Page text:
Hematologic MalignanciesThe risk of hematologic malignancies (leukemia, lymphoma) has been reported to be 2 to 37-fold higher in patients receiving chemotherapy for TC.[4,6] The risk of hematologic 2nd malignancy may be related to dose and regimen: high cumulative doses of etoposide given over a short period of time appear to be less leukemogenic that similar doses given over a longer period of time. For standard dose cisplatinum (650mg), the risk of leukemia is approximately 3-fold – and increased to 6-fold with higher doses of platinum-based chemotherapy.
In general, the risks of 2nd cancers should be tempered – part of the reason for the high relative risks is that cancers, in general, are relatively rare in a young population. Therefore, even a small absolute increased risk of cancer can lead to a high relative risk of cancer. For instance, while the risk of leukemia after cisplatinum-based chemotherapy is 3-fold higher than the normal population, this only translates into 16 cases of leukemia in 10,000 patients.
Stay tuned for discussions of cardiovascular toxicity, gonadotoxicity and fertility, neurotoxicities and quality of life.
Phillip M. Pierorazio, MD is the Director of the Division of Testicular Cancer at the Brady Urological Institute at Johns Hopkins.
Hopkins Testicular Cancer Websites:
Johns Hopkins Testis Cancer: http://urology.jhu.edu/testis/cancer.php
Testis Cancer Survivors: https://www.facebook.com/testiscancersurvivor
 Cohn-Cedermark G1, Stahl O, Tandstad T; SWENOTECA. Surveillance vs. adjuvant therapy of clinical stage I testicular tumors - a review and the SWENOTECA experience. Andrology. 2014 Oct 1. doi: 10.1111/andr.280. [Epub ahead of print]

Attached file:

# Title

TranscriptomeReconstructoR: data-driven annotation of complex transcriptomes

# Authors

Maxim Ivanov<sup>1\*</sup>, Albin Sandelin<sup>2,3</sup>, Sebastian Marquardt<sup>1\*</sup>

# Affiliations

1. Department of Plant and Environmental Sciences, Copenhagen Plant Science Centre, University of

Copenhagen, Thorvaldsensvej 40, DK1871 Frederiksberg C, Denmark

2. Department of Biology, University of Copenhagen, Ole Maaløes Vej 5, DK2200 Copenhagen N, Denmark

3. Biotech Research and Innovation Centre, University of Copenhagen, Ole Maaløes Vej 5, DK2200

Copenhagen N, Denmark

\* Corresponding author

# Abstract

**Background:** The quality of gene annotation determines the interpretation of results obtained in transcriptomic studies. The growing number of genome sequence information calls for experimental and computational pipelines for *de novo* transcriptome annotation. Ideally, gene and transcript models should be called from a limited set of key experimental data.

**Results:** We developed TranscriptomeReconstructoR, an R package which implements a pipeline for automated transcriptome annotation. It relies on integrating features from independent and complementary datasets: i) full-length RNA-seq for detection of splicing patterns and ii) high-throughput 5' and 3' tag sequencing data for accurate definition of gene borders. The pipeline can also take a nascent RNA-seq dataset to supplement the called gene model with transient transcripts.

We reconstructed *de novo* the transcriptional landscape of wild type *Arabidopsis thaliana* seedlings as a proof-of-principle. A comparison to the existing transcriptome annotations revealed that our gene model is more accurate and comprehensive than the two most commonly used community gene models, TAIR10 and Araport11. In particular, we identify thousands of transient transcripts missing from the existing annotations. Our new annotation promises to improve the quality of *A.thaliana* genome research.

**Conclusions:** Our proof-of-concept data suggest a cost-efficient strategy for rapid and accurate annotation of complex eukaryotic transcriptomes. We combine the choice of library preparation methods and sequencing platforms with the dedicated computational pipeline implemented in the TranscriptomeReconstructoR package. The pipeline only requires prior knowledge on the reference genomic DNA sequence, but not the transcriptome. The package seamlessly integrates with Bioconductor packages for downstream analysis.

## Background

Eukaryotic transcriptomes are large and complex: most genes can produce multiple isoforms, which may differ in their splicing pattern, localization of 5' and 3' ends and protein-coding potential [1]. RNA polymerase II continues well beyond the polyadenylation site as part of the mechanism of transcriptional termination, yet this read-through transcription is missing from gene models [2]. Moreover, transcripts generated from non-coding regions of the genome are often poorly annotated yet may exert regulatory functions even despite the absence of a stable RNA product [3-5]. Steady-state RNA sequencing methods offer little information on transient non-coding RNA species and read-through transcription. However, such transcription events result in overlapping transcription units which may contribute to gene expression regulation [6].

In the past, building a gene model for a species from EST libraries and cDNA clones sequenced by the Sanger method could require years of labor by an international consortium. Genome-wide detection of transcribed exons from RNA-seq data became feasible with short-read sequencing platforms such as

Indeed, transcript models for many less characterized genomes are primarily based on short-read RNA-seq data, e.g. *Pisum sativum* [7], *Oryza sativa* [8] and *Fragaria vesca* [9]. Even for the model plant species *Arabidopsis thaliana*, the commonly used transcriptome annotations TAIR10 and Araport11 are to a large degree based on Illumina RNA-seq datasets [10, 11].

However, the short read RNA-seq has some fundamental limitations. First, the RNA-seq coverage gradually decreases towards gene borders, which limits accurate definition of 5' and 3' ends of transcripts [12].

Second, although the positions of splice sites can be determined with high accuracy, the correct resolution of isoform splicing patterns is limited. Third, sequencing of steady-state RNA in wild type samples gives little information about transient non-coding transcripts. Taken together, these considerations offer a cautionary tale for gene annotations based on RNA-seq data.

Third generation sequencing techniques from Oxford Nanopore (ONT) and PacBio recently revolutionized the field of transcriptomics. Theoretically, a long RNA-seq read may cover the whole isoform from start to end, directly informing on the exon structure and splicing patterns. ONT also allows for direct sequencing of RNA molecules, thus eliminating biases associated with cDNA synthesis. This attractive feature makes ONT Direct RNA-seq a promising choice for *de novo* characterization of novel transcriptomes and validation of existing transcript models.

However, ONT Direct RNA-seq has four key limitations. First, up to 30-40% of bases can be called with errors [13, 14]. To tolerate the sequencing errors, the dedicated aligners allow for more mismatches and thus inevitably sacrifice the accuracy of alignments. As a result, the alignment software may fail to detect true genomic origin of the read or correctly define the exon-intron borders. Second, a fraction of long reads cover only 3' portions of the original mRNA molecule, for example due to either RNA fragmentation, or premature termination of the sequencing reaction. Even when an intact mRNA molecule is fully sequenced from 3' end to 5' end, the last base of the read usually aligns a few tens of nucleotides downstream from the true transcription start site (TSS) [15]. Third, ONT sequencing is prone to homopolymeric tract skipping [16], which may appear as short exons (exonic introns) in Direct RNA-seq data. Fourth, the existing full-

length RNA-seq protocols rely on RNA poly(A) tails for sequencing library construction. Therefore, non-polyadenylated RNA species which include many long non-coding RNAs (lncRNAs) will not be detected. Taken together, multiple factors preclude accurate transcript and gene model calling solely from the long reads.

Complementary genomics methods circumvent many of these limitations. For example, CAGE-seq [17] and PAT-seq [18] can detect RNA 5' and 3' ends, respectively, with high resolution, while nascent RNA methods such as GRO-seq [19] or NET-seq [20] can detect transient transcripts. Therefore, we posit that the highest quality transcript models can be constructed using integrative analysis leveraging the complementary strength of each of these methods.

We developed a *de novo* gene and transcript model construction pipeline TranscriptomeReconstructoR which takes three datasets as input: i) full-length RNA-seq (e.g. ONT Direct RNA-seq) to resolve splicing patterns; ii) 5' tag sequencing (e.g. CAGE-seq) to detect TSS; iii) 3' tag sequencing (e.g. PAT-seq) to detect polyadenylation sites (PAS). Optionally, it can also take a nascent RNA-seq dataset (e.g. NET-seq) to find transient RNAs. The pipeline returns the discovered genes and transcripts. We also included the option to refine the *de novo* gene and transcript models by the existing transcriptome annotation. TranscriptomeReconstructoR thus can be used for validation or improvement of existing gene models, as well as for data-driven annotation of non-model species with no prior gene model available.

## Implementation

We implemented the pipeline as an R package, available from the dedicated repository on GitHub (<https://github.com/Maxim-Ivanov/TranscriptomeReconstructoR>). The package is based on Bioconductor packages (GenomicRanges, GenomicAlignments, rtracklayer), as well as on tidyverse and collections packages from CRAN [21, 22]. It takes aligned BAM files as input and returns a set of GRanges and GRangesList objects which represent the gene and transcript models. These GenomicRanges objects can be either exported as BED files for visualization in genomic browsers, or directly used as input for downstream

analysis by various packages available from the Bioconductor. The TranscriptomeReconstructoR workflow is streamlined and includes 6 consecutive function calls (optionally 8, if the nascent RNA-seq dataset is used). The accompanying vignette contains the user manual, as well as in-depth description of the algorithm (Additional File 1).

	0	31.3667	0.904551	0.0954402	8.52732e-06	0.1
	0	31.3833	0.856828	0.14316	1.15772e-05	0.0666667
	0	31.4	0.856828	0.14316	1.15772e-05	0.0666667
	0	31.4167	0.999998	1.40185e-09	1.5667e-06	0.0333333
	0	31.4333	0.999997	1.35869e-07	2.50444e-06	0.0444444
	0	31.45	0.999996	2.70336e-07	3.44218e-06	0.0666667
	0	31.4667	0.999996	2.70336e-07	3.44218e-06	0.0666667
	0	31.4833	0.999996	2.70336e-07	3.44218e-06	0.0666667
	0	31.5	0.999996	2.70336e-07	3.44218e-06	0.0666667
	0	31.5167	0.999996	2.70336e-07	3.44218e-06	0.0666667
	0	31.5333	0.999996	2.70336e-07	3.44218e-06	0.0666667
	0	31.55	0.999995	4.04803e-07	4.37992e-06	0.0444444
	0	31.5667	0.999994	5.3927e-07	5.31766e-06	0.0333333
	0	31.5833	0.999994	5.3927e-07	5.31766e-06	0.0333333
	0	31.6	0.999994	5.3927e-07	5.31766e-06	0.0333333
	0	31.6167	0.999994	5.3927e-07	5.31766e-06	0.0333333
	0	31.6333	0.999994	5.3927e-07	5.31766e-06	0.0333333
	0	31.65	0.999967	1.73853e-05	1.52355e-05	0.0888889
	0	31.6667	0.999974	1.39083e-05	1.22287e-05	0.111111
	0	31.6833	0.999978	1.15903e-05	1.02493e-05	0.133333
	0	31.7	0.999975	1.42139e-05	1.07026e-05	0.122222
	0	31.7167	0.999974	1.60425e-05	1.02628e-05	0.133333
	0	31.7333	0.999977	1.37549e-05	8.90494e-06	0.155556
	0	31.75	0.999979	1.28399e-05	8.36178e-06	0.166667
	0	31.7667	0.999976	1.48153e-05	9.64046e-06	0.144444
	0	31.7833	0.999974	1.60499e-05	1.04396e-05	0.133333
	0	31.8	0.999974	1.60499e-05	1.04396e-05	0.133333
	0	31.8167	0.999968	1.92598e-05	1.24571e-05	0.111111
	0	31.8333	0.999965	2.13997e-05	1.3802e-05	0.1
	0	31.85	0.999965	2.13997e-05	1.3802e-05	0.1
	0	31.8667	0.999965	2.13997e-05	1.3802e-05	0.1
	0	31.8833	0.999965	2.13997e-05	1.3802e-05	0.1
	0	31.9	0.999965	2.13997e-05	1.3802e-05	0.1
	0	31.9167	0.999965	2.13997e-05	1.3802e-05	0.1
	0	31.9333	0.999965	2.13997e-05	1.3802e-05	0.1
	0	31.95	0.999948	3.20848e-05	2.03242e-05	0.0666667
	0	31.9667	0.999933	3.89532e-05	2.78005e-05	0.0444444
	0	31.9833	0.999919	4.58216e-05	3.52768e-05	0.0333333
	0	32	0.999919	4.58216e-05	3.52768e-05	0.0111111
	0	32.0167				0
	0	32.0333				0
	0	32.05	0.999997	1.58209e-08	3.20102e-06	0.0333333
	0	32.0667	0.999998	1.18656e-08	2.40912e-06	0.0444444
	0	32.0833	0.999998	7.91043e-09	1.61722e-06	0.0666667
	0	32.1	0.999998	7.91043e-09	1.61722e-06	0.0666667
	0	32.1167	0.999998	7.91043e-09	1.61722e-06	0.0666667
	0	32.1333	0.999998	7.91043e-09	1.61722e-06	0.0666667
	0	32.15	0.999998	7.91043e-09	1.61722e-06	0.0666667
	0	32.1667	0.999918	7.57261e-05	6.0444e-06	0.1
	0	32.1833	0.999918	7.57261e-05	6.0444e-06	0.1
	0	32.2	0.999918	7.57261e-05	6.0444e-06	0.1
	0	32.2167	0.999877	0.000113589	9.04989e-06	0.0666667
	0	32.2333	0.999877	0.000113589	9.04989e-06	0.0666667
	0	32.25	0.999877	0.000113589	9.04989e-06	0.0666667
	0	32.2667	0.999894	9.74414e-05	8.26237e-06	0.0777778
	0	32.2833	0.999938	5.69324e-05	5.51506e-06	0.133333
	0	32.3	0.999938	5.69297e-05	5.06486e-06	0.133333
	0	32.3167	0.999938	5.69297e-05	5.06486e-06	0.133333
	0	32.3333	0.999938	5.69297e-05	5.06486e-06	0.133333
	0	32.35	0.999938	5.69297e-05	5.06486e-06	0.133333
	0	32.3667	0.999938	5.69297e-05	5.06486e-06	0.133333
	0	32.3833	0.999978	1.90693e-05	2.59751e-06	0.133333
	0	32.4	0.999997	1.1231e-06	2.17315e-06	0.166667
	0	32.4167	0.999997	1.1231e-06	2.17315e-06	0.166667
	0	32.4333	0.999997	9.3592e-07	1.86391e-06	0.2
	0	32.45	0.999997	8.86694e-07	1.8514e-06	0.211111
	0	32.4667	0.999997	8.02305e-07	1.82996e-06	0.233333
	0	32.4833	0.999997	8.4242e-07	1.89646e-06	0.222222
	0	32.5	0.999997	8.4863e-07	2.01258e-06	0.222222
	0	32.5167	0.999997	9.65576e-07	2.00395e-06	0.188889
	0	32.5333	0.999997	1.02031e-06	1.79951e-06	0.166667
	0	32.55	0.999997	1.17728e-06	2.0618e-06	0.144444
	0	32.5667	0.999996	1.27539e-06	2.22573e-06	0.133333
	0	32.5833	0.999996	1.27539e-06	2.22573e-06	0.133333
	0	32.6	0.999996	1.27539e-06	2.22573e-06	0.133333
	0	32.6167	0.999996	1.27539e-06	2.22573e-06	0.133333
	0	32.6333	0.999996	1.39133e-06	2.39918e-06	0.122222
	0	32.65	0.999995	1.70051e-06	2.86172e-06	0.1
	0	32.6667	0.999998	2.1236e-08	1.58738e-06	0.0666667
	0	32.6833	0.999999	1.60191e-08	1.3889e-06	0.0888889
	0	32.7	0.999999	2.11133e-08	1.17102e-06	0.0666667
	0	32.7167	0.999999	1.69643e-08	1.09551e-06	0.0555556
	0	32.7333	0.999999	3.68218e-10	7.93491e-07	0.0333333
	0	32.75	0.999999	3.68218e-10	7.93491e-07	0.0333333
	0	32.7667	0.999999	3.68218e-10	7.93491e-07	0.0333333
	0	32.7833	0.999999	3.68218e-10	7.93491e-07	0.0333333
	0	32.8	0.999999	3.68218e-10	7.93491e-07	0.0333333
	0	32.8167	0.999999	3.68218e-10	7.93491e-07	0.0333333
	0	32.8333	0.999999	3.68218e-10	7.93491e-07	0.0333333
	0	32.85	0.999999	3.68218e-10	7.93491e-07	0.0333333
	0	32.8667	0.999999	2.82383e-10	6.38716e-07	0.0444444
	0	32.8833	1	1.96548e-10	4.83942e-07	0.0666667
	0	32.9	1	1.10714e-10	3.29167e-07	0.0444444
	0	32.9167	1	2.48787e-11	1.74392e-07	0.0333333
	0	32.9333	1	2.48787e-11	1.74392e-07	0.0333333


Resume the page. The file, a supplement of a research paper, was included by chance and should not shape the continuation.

D. Gholam, K. Fizazi, M.J. Terrier-Lacombe, et al. Advanced seminoma–treatment results and prognostic factors for survival after first-line, cisplatin-based chemotherapy and for patients with recurrent disease: a single-institution experience in 145 patients. Cancer, 98 (2003), p. 745.
 Travis LB, Fosså SD, Schonfeld SJ, McMaster ML, Lynch CF, Storm H, Hall P, Holowaty E, Andersen A, Pukkala E, Andersson M, Kaijser M, Gospodarowicz M, Joensuu T, Cohen RJ, Boice JD Jr, Dores GM, Gilbert ES. Second cancers among 40,576 testicular cancer patients: focus on long-term survivors. J Natl Cancer Inst. 2005 Sep 21;97(18):1354-65.
 Richiardi L, Scélo G, Boffetta P, Hemminki K, Pukkala E, Olsen JH, Weiderpass E, Tracey E, Brewster DH, McBride ML, Kliewer EV, Tonita JM, Pompe-Kirn V, Kee-Seng C, Jonasson JG, Martos C, Brennan P. Second malignancies among survivors of germ-cell testicular cancer: a pooled analysis between 13 cancer registries. Int J Cancer. 2007 Feb 1;120(3):623-31.
 van den Belt-Dusebout AW, de Wit R, Gietema JA, Horenblas S, Louwman MW, Ribot JG, Hoekstra HJ, Ouwens GM, Aleman BM, van Leeuwen FE. Treatment-specific risks of second malignancies and cardiovascular disease in 5-year survivors of testicular cancer. J Clin Oncol. 2007 Oct 1;25(28):4370-8.
 Kollmannsberger C, Hartmann JT, Kanz L, et al. Therapy-related malignancies following treatment of germ cell cancer. Int J Cancer 1999;83(6):860-863.
 Travis LB, Andersson M, Gospodarowicz M, et al. Treatment-associated leukemia following testicular cancer. J Natl Cancer Inst 2000;92(14):1165-1171.